- Published on Friday, 10 February 2017 12:02
- Written by Khoi Pham. Photos by Brandon Coleman.
Relishing a bowl of assorted chè at Thach Che Hien Khanh is more than just an afternoon spent shooting the breeze with friends, it’s also a trip down memory lane and an exploration into Saigon’s heritage, all rolled into a few sweet treats.
I almost thought that we had gone the wrong way. The description and photos I came across online painted a picture of a modest dessert place with old-school sets of tables and chairs and neat, beautiful hand-painted signs. It seemed almost impossible that such a rustic hangout could be located on Nguyen Dinh Chieu Street, a district connector from District 1 to District 3 that’s decidedly more famous for hip fashion boutiques and wedding rental shops than decades-old chè places.
Upon arriving at Hien Khanh, it was like taking a step back in time dozens of years ago, when modern appliances were non-existent and people actually talked to one another during meals instead of perusing their phones. The eatery’s front sign is a treat in itself: clean, retro typeface in vibrant shades of red, blue and orange.
The chè place’s dining area is outfitted with a few tables that could seat at most 30 people, featuring blue tabletops and nondescript metal stools. Once you sit down, the server will immediately present a few plates of traditional treats like bánh cốm (green glutinous rice treat), bánh đậu xanh (mung bean pastry) and delicately wrapped bánh phu thê. Interestingly, these are all traditional requirements of northern-style Vietnamese weddings, which one can also order from Hien Khanh for their betrothal.
According to Nguyen Thi Nguyet Minh, Hien Khanh’s current owner, the restaurant started serving cold treats in 1959. Opened by Minh’s father, Nguyen Quy Quyen, and his best buddy, Tran Nghe, the chè place used to be the “it” place for District 1’s intelligentsia to hang out. Hien Khanh’s original location was in Da Kao ward, however, the location soon proved to be too crammed for the shop’s growing popularity. Therefore, the duo had to launch a new outlet on Phan Dinh Phung Street (now Nguyen Dinh Chieu) and close the original.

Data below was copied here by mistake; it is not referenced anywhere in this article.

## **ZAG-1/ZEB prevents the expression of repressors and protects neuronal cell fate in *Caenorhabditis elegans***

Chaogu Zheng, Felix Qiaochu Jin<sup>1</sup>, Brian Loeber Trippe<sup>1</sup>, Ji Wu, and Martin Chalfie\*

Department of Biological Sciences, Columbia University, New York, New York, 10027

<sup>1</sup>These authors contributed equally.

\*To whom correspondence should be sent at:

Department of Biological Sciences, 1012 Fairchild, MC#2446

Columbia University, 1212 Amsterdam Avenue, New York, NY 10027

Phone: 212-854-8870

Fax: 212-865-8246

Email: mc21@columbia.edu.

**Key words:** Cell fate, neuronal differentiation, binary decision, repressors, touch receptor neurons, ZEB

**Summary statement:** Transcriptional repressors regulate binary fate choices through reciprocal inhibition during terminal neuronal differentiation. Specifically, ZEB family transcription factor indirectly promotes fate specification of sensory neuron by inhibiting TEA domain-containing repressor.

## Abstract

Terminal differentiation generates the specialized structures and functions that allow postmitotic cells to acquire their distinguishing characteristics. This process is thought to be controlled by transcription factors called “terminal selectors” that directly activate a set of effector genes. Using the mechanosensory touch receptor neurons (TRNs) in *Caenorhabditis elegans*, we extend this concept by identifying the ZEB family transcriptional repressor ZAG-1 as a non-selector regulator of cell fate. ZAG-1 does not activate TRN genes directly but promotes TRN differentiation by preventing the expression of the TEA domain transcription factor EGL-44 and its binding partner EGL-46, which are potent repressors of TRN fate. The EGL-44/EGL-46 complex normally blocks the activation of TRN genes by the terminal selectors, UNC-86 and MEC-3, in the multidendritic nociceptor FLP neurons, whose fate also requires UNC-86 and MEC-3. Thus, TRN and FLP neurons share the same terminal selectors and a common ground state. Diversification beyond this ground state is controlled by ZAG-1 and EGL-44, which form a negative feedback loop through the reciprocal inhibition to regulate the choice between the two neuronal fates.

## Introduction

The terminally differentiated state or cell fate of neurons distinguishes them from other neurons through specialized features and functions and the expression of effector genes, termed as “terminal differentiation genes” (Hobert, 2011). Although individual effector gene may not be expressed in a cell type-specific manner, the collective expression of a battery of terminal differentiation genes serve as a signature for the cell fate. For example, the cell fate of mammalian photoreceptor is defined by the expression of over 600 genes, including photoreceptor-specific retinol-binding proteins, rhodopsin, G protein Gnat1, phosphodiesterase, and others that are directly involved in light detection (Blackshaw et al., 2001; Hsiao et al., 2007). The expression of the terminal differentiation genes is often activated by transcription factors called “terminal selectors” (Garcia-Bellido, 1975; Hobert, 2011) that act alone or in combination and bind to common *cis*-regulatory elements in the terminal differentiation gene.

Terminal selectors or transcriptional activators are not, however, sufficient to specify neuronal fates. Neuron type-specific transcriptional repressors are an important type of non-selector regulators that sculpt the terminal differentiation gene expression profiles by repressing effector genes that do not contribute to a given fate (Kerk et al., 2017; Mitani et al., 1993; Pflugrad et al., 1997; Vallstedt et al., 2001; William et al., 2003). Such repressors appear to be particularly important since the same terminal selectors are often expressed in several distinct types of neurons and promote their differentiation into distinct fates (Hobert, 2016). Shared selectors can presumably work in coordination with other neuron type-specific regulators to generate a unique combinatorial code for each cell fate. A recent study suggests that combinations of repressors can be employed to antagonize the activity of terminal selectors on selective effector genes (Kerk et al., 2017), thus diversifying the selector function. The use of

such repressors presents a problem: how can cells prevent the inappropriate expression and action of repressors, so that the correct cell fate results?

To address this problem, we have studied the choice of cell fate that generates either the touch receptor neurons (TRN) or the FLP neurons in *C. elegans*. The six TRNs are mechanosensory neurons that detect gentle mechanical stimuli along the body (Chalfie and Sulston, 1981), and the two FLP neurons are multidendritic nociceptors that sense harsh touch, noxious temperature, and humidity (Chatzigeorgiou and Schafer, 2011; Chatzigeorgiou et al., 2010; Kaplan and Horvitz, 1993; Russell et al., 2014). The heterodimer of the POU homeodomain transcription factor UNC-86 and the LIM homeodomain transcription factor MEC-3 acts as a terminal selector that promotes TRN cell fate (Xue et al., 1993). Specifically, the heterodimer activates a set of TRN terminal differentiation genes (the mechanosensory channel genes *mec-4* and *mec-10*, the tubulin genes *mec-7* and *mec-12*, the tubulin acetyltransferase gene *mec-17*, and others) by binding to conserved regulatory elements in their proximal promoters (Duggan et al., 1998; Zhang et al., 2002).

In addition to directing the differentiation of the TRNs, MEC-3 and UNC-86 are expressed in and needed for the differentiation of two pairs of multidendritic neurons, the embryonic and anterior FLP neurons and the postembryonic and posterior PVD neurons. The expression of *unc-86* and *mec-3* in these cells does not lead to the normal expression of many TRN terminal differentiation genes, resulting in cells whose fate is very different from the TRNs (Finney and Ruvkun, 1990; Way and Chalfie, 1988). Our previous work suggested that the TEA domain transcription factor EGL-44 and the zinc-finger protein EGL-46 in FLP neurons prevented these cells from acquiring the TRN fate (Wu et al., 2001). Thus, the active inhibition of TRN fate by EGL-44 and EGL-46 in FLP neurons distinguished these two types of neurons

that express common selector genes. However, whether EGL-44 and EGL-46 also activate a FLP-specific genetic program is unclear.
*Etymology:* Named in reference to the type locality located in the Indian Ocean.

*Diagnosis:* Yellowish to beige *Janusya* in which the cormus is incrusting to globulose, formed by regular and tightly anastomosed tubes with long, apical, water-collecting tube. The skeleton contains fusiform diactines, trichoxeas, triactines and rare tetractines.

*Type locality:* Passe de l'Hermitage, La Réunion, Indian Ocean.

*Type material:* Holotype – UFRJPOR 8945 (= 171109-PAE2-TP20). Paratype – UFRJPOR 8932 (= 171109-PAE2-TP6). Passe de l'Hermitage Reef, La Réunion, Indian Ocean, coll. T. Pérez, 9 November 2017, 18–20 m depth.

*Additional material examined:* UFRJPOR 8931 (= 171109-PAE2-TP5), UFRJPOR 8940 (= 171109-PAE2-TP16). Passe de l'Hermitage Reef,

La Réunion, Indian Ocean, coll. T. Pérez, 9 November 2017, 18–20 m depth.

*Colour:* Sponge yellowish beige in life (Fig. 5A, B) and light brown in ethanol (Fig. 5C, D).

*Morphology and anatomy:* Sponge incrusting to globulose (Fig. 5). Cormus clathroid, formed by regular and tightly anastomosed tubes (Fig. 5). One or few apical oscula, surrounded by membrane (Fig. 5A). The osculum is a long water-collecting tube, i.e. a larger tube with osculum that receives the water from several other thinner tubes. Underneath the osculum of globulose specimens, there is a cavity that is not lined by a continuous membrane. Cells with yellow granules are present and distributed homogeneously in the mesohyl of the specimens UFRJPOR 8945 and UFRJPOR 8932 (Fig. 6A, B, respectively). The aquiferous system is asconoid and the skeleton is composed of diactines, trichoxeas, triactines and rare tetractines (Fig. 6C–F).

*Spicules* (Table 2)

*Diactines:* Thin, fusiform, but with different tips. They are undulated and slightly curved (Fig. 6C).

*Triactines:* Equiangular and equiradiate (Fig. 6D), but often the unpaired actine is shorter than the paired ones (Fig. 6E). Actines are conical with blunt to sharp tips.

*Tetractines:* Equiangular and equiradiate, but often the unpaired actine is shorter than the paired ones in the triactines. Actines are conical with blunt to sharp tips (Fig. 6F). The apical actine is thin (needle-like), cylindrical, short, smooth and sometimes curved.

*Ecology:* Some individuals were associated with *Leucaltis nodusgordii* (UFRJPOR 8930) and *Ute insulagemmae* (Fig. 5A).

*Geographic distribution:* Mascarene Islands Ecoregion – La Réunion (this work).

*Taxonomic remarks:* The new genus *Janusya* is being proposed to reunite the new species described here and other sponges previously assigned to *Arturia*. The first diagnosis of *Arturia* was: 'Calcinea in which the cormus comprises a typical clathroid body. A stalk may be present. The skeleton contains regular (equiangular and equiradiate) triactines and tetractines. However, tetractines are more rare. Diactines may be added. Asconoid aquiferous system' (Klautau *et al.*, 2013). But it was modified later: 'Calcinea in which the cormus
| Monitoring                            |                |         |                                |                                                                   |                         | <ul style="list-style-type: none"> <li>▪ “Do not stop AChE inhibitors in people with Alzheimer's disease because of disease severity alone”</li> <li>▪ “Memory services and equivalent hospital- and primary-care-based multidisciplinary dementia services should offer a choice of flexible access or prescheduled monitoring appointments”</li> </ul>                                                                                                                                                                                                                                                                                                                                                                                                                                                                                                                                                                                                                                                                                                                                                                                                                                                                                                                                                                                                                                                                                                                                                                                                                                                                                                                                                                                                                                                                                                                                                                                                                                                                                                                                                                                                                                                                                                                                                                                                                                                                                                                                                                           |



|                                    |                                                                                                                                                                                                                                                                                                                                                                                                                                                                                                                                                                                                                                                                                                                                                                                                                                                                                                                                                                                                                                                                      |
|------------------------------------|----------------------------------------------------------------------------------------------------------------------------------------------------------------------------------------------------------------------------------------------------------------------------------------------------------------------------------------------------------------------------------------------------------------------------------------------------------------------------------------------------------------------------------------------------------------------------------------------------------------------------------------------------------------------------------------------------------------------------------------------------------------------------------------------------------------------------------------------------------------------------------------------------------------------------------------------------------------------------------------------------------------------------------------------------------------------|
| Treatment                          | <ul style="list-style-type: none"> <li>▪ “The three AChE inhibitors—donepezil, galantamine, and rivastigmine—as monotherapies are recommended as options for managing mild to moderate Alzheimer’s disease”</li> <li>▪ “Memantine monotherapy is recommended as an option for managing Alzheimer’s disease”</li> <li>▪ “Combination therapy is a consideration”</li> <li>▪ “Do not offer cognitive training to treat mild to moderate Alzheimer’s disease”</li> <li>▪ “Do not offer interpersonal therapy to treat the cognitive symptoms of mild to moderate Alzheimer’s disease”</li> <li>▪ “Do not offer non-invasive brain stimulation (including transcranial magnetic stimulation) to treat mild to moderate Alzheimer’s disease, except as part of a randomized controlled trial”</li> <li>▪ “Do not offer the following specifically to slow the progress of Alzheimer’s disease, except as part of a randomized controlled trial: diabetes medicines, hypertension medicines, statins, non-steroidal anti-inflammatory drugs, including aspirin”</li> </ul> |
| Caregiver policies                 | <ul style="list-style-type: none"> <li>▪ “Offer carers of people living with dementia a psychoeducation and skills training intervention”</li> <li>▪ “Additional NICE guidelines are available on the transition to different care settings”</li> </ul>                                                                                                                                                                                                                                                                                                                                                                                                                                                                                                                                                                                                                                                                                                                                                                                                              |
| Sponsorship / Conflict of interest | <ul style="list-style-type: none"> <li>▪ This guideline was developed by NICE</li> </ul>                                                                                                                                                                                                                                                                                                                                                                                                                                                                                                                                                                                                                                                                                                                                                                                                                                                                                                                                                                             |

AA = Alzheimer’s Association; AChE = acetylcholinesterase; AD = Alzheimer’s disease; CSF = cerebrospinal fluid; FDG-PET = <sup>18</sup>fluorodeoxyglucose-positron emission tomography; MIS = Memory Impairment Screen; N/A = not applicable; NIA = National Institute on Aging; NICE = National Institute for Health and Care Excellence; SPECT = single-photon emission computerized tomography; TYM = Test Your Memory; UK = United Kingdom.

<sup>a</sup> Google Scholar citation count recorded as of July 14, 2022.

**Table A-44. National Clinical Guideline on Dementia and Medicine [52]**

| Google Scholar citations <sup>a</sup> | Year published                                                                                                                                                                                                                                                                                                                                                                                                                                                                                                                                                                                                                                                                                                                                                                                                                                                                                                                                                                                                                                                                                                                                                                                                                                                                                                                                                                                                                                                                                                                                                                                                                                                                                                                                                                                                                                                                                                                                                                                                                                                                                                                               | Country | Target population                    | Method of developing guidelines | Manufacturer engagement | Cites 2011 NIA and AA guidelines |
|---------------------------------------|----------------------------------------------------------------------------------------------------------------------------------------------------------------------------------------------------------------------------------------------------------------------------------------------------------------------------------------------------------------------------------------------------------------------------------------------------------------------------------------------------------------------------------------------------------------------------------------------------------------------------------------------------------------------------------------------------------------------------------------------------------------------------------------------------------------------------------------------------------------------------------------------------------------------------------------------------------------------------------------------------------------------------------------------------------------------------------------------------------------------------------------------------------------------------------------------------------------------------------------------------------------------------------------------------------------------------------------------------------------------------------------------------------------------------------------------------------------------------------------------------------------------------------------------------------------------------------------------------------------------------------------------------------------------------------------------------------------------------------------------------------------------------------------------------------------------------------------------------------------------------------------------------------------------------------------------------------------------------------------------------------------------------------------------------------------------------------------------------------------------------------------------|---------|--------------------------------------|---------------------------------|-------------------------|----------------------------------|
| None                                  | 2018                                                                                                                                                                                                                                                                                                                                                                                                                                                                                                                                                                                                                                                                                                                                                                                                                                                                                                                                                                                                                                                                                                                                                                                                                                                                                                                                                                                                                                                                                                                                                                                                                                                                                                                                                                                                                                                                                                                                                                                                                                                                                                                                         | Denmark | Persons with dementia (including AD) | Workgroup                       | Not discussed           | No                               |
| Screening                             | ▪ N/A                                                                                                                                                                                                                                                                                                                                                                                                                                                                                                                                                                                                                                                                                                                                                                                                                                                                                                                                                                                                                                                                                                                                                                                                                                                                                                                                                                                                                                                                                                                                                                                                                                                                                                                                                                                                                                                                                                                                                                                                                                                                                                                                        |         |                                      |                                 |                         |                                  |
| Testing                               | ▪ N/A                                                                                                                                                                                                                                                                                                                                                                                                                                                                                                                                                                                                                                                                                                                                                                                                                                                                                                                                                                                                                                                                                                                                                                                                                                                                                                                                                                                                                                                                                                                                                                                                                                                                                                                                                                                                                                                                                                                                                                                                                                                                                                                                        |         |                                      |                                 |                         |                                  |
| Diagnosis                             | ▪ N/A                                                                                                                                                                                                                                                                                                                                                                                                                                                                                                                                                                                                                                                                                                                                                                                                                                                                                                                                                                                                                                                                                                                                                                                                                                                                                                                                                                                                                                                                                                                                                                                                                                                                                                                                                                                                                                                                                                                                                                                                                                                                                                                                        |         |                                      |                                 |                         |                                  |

Both Quyen and Nghe were sterling wordsmiths, and thus went on to embellish the new shop house with scores of poems which they composed themselves. The beautifully presented poems still exist in today’s Hien Khanh, framed and hung on the walls as tasteful decorations. These were also the main attraction that drew old Saigon’s literature-loving crowd to Hien Khanh from institutions all over the city: Gia Long (now Nguyen Thi Minh Khai), Chu Van An and Petrus Ky High School (now Le Hong Phong).
What makes Hien Khanh stand out in a sea of retro hangouts today is the simplicity: they believe in preserving what has already been there rather than bringing in old elements from elsewhere.
The shop’s main dessert dish, like most thạch chè places’ could be boiled down to three elements: thạch, or thinly sliced strands of soft agar; a sweet syrup made from palm sugar and fresh jasmine blossoms; and various delicious toppings served over shaved ice. The easiest way for newcomers to enjoy a bowl of chè is to just go up to the glass display and point at whatever looks good; however, I usually go for the thập cẩm, or assorted, version (VND22,000), which allows one to sample all the toppings the shop has to offer. The range of toppings includes ginkgo seeds, lotus seeds, thốt nốt (palm kernel), nhãn nhục (dried longan) and water chestnuts, among other things.
While the sweet toppings are well done, it’s important to point out that what Hien Khanh nails is the balance: from the fragrant syrup to the fragile strands of thạch to the toppings, they work together to bring about a subtle sweetness in the dish that helps to relieve one’s thirst instead of parching your throat.
At the end of the day, I have to admit that Hien Khanh’s desserts don’t offer much. But if I’ve learnt anything after spending months scouring the city for mouth-watering munchies, it’s that more often than not, the atmosphere and the bantering that come with the food are as important as the cuisine itself.
To sum up:
Khoi loves tamarind, is a raging millennial and will write for food.
Thạch Chè Hiển Khánh
718 Nguyen Dinh Chieu, D3